Wednesday, January 26, 2011

Macon County Real Estate: "Caveat Emptor" Warns Planning Board Chairman

Macon County, NC Real Estate: Landslide Hazard Maps and Soil Surveys

The state notified Macon County commissioners in October 2006 that major tracts of privately-owned mountain land were impracticable for residential development. These advisory reports (digitized soil assessments and landslide maps) were compiled by the North Carolina Geological Survey at the behest of federal officials.

Macon County, NC Landslide/Soil Hazards Maps

Macon County planning decisions became a Federal Emergency Management Agency concern after the Peeks Creek landslide killed five residents and demolished fifteen homes. Macon was one of fifteen western mountain counties affected by slope failures in September 2004.

NCGS—Peeks Creek Landslide Photos

Western North Carolina Landslide Hazard Maps

In October 2006, Governor Easley issued this press release regarding the importance of the 2005 federally-mandated Western North Carolina Landslide Hazard Mapping Program:
These maps will show which areas are prone to landslides, and that will help developers, county officials, and residents decide where to safely build homes, roads, and other structures.
Landslides Impact Macon County Residences and Subdivision Private Roads

Macon County commissioners were faced with a choice in the fall of 2006: continue the status quo and allow residential growth in geologically unstable areas or institute prohibitive regulations. The county currently does not require feasility/safety studies as a condition for steep slope subdivision permits. The decision to favor hazardous-land development over the public’s well being was addressed by Lewis Penland, chairman of the Macon County Planning Board on December 2, 2010:
We have sat by as people from faraway places have promised us the moon if only we would stay out of their way and let them develop. Well that promise has come and gone and we’re left with unstable roads and house sites, unlivable homes, and hundreds of foreclosed lots burdening our banks.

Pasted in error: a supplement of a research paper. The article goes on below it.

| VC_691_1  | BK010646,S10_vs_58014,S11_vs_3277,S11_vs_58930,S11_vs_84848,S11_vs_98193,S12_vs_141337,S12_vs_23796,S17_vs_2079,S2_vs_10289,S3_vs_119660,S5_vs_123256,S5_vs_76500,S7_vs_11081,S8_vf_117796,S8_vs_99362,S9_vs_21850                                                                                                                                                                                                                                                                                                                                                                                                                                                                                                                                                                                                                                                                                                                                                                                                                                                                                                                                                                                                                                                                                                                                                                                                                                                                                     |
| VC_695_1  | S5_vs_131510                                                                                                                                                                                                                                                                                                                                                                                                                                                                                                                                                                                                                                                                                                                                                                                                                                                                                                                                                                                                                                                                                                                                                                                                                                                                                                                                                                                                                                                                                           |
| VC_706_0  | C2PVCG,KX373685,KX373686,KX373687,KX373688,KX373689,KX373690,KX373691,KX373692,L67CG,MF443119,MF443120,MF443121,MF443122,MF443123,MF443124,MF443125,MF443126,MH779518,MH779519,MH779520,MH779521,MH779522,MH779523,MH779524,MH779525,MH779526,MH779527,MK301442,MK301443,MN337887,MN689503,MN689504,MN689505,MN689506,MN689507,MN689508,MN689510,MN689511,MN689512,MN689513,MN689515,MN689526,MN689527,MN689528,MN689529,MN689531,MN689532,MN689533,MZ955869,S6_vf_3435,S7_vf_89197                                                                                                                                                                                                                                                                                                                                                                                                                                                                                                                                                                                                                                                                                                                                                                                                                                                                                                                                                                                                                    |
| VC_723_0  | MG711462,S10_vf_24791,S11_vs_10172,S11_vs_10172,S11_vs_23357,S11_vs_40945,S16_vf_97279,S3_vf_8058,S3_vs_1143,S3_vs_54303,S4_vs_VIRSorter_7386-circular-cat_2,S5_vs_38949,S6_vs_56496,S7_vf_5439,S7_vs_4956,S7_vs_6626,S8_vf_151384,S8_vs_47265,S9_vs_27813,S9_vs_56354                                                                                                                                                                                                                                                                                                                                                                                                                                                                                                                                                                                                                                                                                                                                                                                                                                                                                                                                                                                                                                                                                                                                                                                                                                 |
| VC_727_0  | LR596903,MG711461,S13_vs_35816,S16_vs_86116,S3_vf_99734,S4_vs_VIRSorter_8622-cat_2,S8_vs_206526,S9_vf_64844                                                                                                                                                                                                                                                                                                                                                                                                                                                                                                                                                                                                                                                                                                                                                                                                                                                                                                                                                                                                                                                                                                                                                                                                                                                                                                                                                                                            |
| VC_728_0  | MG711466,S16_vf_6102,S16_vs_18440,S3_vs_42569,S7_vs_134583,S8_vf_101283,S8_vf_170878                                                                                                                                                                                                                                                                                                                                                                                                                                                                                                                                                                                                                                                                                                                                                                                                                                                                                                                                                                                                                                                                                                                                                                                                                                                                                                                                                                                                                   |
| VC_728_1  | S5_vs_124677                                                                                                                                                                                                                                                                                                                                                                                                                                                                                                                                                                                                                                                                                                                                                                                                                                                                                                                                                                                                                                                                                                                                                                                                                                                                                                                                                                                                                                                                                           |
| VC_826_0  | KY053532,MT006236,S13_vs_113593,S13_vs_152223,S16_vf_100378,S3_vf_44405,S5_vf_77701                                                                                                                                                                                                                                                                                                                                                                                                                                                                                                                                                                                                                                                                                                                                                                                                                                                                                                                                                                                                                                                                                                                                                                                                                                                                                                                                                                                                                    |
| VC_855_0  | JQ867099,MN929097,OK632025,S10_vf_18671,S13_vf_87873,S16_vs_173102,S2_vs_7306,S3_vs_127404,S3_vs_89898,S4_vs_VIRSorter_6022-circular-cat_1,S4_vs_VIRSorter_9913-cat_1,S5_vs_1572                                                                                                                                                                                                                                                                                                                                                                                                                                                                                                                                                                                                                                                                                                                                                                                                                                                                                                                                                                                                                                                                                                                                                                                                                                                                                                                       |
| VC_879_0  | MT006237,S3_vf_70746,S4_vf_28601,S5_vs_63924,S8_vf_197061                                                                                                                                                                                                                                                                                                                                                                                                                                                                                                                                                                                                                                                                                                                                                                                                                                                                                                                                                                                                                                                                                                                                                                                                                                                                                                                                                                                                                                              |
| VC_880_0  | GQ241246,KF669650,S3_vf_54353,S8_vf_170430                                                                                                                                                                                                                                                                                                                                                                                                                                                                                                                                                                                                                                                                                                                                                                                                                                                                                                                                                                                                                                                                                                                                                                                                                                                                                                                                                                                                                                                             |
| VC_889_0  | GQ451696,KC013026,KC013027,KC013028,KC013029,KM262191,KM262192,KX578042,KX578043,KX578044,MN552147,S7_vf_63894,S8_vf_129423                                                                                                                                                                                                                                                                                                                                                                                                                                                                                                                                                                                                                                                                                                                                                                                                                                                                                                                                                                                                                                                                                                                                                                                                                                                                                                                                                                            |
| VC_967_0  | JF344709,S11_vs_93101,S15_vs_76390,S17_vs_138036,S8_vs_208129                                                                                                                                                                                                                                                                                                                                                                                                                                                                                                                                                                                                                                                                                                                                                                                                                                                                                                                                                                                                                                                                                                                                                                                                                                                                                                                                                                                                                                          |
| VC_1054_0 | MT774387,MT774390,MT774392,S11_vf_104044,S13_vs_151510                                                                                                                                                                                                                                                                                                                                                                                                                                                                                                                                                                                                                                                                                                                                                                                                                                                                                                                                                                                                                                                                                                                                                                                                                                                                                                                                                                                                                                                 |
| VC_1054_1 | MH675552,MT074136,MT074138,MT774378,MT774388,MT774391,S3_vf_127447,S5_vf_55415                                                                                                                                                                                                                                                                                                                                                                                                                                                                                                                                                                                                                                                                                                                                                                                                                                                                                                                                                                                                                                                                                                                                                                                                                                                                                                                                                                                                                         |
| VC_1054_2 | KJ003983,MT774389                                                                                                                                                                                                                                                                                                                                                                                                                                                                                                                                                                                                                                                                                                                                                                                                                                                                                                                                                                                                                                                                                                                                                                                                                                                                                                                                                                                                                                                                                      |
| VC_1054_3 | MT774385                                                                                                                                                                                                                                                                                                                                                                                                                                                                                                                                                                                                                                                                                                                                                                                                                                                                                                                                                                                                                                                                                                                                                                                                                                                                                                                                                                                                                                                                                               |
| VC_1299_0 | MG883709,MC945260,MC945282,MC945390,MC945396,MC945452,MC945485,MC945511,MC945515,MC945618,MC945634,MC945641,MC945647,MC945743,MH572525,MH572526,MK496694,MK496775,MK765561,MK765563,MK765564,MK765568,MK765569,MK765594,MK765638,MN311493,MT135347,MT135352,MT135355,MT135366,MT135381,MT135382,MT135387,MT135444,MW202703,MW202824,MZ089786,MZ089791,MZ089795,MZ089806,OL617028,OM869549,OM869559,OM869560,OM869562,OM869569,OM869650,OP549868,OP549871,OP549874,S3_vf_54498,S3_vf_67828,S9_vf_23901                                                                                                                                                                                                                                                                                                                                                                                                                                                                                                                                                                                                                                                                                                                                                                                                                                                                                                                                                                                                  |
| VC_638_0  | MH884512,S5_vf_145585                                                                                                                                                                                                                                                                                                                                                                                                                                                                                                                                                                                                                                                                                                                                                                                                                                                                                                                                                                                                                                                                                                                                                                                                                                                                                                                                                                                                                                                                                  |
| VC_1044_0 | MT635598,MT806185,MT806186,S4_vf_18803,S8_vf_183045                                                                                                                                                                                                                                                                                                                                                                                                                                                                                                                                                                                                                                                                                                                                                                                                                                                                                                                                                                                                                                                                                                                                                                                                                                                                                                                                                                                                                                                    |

What we offer is a “caveat emptor,” “buyer beware” atmosphere. For example, if I buy a used car down at the local lot and the brakes don’t work on that car, then, we come to find out, the salesman knew that all along, but he wanted to make the sale, so he didn’t disclose. Well, a couple of things are going to happen. First of all I will never buy a car from that individual again. Secondly, I’m going to tell all my friends “don’t buy anything from that car lot because you don’t know what you’re getting.” The same thing is happening right now with our county.

People who’ve invested in property here only to see that property affected by slides or erosion and runoff on their property or their neighbors’ property. They in turn are telling their friends.

Over the long term, that’s going to hurt us.

Ultima Carolina Wildflower Subdivision Landslides

SouthWings photos of Wildflower landslides

Craftsman's Village/Boggan Landslide

Photos of Craftsman's Village construction site and view of Boggan
landslide property damage—Macon County News

Macon County, NC Real Estate: Hazardous-Land Disclosure

The North Carolina Real Estate Commission has determined that Realtors and developers must disclose published N. C. Geological Survey risk
(landslide map/soil assessment) findings on property listings and in sales contracts. Macon County Realtors are not in compliance with the Commission's material fact ruling.

It is not known whether county governments are obliged to reveal hazardous-land data.

Of the twenty-one Western North Carolina counties designated landslide-hazardous in 1998, only three have completed maps: Macon (06), Watauga (08) and Buncombe (09). Two county governments, Buncombe and Watauga provide links to their respective landslide maps, Macon does not.

State geologists have determined that 67.3 % of Macon County land is unstable to moderately stable. This fact should be noted on all Macon County real estate sales contracts since property owners will be self-insuring for structural damage caused by earth movement. The insurance industry does not cover  landslide losses.

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